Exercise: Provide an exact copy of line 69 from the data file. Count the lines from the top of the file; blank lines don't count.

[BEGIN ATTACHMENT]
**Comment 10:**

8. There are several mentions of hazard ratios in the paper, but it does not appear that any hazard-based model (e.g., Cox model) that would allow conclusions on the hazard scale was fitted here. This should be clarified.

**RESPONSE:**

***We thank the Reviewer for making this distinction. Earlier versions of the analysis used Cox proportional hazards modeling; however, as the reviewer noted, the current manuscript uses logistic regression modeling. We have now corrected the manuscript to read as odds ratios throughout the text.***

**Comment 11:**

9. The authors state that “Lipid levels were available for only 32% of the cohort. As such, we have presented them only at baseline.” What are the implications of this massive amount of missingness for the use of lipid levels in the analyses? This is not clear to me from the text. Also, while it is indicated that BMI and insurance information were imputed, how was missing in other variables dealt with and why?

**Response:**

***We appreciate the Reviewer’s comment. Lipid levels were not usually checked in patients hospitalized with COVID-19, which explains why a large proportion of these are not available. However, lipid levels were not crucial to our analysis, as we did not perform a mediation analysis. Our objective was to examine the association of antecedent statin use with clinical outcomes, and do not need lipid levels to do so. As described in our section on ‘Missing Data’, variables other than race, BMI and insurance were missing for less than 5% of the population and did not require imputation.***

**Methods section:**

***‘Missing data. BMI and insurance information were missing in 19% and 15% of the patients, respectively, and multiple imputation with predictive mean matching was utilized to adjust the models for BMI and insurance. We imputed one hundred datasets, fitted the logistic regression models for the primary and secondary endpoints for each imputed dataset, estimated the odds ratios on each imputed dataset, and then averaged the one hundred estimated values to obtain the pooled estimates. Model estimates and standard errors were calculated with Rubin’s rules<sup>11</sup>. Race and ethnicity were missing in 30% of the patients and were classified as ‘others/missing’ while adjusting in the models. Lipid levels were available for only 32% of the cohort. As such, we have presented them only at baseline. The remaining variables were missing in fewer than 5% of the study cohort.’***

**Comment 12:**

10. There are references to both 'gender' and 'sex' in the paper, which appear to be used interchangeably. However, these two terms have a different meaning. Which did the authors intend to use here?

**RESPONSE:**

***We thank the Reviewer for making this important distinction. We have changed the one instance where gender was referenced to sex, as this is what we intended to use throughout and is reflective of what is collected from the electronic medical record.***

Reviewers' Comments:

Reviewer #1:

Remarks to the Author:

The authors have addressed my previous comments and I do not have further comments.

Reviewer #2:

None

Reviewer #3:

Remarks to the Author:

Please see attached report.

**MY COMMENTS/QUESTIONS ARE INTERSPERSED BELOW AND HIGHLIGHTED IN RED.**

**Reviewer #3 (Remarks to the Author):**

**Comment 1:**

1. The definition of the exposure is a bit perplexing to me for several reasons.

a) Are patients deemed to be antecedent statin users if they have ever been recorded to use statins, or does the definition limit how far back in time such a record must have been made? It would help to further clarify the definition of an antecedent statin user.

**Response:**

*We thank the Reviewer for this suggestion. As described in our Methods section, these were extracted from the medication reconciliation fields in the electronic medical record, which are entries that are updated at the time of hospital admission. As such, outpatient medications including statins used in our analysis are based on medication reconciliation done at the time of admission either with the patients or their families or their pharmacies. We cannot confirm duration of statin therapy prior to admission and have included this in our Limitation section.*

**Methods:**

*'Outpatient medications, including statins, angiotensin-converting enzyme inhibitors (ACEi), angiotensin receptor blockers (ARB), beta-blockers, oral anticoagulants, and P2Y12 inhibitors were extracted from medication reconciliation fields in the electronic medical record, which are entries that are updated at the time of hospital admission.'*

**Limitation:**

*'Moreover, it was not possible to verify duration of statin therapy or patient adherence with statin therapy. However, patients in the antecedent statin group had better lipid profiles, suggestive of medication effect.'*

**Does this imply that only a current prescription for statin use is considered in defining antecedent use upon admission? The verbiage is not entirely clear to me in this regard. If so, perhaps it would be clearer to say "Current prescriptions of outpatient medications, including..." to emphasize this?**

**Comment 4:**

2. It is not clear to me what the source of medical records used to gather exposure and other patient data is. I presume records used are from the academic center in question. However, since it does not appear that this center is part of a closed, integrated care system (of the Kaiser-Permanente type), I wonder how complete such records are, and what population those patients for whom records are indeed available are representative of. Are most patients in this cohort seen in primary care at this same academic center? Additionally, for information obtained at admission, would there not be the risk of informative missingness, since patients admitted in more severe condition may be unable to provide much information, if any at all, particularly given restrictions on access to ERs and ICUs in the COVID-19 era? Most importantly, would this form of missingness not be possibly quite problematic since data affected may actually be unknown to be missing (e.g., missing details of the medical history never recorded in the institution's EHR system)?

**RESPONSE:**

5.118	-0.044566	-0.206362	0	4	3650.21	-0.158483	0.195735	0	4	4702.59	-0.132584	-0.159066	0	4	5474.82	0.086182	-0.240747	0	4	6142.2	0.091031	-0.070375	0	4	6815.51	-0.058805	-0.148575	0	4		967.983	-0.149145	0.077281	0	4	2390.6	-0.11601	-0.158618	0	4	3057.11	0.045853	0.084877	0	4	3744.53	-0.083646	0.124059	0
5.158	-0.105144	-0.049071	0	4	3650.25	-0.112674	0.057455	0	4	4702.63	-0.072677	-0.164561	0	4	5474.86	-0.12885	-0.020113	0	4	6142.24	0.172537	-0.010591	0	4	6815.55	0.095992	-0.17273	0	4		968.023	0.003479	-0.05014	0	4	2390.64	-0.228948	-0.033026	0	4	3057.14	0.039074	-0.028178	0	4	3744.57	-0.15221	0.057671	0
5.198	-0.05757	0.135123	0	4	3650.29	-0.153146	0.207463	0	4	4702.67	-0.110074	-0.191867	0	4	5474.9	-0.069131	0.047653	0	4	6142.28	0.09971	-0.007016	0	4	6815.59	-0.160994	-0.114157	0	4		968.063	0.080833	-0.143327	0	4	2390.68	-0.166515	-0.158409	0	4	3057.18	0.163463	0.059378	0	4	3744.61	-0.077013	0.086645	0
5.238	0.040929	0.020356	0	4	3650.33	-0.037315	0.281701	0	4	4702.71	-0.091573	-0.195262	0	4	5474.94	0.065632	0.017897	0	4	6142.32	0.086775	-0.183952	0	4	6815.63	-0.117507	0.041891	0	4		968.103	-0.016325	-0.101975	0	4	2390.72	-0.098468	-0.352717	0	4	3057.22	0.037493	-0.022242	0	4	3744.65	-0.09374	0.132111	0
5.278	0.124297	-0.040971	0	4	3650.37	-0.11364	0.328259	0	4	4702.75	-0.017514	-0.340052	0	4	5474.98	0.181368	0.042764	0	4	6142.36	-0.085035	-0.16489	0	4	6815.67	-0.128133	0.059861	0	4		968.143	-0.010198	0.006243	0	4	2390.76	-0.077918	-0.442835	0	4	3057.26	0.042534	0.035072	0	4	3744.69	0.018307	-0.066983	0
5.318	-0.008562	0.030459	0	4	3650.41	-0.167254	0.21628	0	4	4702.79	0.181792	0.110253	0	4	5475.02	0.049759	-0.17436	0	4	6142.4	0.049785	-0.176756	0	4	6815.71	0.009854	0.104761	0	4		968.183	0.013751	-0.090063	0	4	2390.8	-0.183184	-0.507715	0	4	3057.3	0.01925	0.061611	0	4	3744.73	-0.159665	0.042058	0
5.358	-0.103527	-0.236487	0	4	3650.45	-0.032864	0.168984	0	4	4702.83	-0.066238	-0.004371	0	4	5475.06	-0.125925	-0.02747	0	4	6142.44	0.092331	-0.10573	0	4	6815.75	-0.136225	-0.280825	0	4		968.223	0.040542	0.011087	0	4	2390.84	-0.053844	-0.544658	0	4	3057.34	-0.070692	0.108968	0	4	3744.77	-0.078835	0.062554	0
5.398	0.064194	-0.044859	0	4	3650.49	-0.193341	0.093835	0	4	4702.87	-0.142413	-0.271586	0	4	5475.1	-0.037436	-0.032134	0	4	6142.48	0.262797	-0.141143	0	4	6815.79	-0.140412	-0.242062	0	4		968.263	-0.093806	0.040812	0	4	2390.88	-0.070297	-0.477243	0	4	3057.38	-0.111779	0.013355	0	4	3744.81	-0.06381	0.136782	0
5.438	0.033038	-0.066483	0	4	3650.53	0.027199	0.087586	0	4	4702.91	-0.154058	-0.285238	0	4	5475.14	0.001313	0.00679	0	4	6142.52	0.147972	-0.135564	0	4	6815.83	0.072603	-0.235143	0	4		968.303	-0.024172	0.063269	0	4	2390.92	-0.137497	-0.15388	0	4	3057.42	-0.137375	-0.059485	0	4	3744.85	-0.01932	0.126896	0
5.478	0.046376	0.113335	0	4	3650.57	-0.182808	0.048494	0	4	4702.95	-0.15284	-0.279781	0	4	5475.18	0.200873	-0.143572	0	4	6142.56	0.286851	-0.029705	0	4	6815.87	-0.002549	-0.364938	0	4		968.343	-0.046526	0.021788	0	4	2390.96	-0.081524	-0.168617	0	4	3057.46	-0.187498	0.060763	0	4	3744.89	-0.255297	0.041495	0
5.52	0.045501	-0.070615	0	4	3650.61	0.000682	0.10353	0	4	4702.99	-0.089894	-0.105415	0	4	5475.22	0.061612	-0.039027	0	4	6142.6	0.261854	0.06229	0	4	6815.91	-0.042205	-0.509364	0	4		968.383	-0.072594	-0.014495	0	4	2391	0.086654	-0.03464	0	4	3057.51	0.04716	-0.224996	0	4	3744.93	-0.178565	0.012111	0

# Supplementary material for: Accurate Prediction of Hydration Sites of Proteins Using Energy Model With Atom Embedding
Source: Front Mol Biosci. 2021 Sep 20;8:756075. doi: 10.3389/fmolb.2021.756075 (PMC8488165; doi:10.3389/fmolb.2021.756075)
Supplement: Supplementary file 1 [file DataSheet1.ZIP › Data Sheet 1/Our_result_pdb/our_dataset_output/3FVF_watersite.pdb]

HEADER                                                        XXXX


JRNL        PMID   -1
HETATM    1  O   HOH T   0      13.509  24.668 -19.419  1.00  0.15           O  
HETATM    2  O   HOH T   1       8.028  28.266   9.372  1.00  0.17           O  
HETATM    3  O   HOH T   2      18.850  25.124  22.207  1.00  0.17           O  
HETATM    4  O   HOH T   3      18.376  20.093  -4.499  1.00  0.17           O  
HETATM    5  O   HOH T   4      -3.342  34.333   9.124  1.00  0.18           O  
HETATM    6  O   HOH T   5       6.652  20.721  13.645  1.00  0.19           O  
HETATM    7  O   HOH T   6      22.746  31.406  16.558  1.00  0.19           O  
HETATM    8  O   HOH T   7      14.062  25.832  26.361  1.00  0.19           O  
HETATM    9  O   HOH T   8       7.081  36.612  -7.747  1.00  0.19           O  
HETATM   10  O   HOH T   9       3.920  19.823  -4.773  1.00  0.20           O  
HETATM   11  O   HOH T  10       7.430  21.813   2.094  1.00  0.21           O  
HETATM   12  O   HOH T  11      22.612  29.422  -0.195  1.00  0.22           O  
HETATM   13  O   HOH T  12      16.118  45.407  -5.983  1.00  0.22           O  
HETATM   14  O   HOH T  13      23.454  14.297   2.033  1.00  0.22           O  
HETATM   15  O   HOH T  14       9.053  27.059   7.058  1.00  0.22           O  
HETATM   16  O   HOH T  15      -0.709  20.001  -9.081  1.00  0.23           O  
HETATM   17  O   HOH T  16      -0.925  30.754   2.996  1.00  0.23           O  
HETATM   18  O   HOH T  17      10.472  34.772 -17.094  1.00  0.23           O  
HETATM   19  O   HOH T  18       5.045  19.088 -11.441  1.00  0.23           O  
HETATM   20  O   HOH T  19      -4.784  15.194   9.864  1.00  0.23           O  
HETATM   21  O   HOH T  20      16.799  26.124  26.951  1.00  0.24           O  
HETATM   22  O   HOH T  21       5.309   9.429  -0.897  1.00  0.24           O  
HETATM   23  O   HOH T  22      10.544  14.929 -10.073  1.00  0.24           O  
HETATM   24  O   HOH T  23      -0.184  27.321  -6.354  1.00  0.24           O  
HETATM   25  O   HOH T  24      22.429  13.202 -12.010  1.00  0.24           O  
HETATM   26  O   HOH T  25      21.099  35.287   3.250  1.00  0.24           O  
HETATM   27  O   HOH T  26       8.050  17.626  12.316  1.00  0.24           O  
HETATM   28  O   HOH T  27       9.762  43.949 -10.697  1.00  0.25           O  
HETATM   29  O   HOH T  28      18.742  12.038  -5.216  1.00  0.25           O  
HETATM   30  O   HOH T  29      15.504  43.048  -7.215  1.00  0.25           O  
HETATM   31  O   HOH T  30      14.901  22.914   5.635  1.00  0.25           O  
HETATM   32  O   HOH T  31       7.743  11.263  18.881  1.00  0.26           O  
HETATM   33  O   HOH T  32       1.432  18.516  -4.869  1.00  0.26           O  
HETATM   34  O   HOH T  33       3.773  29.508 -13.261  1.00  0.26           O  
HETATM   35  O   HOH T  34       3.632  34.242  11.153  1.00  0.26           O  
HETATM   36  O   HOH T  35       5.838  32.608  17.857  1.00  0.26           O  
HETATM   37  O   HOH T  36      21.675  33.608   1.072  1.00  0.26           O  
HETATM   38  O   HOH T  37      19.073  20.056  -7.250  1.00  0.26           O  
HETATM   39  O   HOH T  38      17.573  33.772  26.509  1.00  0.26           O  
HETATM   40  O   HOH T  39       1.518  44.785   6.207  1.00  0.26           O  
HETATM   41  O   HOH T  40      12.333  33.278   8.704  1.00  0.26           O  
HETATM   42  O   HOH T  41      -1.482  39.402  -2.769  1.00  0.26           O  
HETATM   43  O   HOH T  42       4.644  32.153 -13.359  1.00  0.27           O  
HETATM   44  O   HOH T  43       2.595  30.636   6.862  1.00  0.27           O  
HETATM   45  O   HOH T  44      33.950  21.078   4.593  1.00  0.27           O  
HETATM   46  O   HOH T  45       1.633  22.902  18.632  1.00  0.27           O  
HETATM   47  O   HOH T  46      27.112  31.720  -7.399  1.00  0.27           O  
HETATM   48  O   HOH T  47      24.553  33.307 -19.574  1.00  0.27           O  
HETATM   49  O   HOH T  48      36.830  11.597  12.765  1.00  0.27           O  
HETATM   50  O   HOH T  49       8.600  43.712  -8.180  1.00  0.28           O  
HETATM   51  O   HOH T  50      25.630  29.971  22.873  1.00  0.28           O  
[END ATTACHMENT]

HETATM   15  O   HOH T  14       9.053  27.059   7.058  1.00  0.22           O  